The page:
Economists across the political spectrum tell Trump that immigrants are good for the country

Immigrants: they get stuff done.

Farmworker Florentino Reyes picks tomatoes Tuesday, Aug. 30, 2016, at a field near Mendota, Calif. CREDIT: AP Photo/Scott Smith
Farmworker Florentino Reyes picks tomatoes Tuesday, Aug. 30, 2016, at a field near Mendota, Calif. CREDIT: AP Photo/Scott Smith

Almost 1,500 economists across the political spectrum wrote a letter addressed to President Trump and congressional leaders that praised immigrants as an economic benefit to the United States and implored lawmakers to “modernize our immigration system.”

“As Congress and the Administration prepare to revisit our immigration laws, we write to express our broad consensus that immigration is one of America’s significant competitive advantages in the global economy,” the letter stated in part. “With the proper and necessary safeguards in place, immigration represents an opportunity rather than a threat to our economy and to American workers.”

The letter pointed out that immigrants have a positive effect on job creation by creating entrepreneurs who hire American workers; offsetting the retirement of the Baby Boomer population; granting diverse skill sets that help companies grow; and driving economic growth in industries like science, technology, engineering, and math.

The letter writers pointed out that immigration has economic costs, but ultimately said that “the benefits that immigration brings to society far outweigh their costs, and smart immigration policy could better maximize the benefits of immigration while reducing the costs.”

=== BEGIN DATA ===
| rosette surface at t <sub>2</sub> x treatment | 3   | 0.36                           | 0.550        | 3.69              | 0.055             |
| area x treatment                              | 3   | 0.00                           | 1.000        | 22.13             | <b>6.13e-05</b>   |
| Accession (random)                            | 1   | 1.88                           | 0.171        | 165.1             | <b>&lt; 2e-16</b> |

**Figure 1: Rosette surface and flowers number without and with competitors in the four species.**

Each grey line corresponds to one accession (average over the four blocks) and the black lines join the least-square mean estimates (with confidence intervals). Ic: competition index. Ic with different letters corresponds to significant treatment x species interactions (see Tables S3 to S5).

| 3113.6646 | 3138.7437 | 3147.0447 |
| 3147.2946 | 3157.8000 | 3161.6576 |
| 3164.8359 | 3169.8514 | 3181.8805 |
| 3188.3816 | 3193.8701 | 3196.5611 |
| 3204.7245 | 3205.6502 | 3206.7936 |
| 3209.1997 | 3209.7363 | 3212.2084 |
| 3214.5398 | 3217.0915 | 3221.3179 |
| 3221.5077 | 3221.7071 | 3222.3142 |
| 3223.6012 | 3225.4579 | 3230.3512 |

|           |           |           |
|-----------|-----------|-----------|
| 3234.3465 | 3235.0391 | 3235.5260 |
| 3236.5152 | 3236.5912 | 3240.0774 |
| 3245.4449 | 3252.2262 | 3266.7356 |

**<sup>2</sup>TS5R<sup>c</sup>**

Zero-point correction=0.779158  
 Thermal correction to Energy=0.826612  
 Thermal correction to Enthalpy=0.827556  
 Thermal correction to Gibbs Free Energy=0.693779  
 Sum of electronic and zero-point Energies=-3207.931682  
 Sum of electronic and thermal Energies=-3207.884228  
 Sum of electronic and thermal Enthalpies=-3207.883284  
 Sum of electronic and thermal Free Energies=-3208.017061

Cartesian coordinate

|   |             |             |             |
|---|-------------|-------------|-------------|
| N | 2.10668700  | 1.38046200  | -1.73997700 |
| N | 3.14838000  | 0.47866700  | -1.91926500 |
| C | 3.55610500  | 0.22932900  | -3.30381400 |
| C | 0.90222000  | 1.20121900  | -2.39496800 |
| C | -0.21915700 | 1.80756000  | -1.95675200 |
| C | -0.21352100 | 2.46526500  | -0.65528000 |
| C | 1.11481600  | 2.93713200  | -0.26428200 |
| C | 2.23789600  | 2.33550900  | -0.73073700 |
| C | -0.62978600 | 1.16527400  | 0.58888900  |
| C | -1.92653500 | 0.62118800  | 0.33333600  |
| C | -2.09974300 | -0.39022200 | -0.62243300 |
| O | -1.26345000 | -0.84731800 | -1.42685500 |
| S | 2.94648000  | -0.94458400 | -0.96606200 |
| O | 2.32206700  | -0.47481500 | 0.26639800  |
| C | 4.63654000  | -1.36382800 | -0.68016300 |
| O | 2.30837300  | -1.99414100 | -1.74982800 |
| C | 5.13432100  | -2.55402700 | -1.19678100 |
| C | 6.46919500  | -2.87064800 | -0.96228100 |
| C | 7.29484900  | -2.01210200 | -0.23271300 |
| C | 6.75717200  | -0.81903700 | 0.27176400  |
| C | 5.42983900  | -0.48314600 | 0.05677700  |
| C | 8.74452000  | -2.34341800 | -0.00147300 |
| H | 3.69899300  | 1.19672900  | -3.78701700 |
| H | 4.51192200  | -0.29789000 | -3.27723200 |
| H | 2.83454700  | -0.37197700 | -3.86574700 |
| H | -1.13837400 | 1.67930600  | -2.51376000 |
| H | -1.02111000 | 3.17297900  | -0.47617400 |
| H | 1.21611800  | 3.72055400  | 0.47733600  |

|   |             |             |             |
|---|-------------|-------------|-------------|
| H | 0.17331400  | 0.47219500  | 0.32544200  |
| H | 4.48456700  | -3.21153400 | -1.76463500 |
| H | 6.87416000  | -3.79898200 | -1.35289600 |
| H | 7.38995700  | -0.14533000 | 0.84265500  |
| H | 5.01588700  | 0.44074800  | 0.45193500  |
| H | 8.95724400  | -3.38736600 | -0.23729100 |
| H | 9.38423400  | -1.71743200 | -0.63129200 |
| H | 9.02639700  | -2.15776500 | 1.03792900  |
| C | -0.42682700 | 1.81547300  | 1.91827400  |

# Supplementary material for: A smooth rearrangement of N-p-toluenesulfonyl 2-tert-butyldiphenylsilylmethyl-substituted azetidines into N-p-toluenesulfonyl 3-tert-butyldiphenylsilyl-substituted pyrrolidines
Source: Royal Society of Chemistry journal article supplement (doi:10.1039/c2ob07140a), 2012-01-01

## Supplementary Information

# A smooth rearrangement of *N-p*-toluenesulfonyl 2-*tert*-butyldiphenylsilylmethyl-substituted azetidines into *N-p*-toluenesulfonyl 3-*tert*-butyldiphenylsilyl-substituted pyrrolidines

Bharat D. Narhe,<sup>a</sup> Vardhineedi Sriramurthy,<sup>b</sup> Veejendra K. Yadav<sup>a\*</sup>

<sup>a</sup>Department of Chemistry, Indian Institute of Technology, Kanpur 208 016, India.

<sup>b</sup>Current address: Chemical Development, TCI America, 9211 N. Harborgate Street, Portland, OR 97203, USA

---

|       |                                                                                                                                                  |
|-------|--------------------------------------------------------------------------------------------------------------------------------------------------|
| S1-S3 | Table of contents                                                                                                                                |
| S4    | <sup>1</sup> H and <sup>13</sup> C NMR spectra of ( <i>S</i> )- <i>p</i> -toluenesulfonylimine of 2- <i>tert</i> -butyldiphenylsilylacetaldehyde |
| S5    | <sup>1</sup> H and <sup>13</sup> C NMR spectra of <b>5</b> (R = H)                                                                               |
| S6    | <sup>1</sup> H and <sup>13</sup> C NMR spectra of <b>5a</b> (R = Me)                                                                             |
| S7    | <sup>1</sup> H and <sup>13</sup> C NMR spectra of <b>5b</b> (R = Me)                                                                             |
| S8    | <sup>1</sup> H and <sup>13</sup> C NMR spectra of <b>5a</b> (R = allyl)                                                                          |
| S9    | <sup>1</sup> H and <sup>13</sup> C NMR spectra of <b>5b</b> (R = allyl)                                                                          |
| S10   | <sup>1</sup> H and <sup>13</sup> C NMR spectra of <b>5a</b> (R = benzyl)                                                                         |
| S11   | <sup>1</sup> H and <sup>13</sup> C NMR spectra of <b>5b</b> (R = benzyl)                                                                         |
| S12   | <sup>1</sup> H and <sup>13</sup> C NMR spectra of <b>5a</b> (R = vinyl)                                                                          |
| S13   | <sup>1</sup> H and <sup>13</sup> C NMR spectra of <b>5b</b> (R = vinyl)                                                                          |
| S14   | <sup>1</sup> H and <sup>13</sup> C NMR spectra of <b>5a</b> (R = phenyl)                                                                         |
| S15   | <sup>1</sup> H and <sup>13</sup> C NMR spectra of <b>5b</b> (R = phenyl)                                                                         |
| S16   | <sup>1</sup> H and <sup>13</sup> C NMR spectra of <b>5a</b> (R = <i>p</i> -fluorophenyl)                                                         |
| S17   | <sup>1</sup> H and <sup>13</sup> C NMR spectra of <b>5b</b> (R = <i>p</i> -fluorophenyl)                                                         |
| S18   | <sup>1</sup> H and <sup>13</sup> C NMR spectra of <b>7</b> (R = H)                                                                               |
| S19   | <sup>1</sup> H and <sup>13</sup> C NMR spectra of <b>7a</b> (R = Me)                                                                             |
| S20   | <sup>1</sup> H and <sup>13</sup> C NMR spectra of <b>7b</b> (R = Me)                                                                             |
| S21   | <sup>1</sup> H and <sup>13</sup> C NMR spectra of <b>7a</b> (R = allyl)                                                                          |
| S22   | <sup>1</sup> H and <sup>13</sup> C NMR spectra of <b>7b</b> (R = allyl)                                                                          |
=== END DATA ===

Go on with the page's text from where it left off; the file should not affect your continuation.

Among the signatories included Douglas Holtz-Eakin, president of the right-leaning American Action Forum think tank and who served under President George H.W. Bush, and Austan Goolsbee, the former chairman of President Obama’s Council of Economic Advisers.

The crux of the letter — that immigrants are an economic benefit for the country — has been consistently proven true. More than half of U.S. firms that are valued at $1 billion or more, had at least one immigrant co-founder, according to a 2016 National Foundation for American Policy study. One-quarter of engineering and technology companies started in the United States between 2006 and 2012 had at least one founder who was an immigrant. And as the letter writers alluded to, the massive wave of 77 million Baby Boomers retiring between 2010 and 2030 will slow labor force growth. A 2013 Center for American Progress study found that at least two-thirds of all entrants into the workforce, including immigrants, are needed to replace today’s current workers with the additional one-third needed to grow the workforce.

The study doesn’t clarify which immigrants bring an economic boon to the economy. But studies show that all kinds of immigrants — including undocumented ones who contribute $11.74 billion in taxes annually — are integral to the economic health of this country.

The letter follows President Donald Trump’s rhetoric that paints immigrants as criminals and rapists. He has promised to harshly penalize undocumented immigrants with threats of deportation. Although the president no longer talks about mass deportation, it’s clear that the immigration raids authorized by his administration have had a chilling effect, and many are too scared to leave their homes. Farmers have been hard pressed to find workers for western Massachusetts farms, a factor that could lead to the same kind economic loss for the agriculture industry in Alabama, Georgia, and Arizona when they passed anti-immigrant state legislation a few years ago.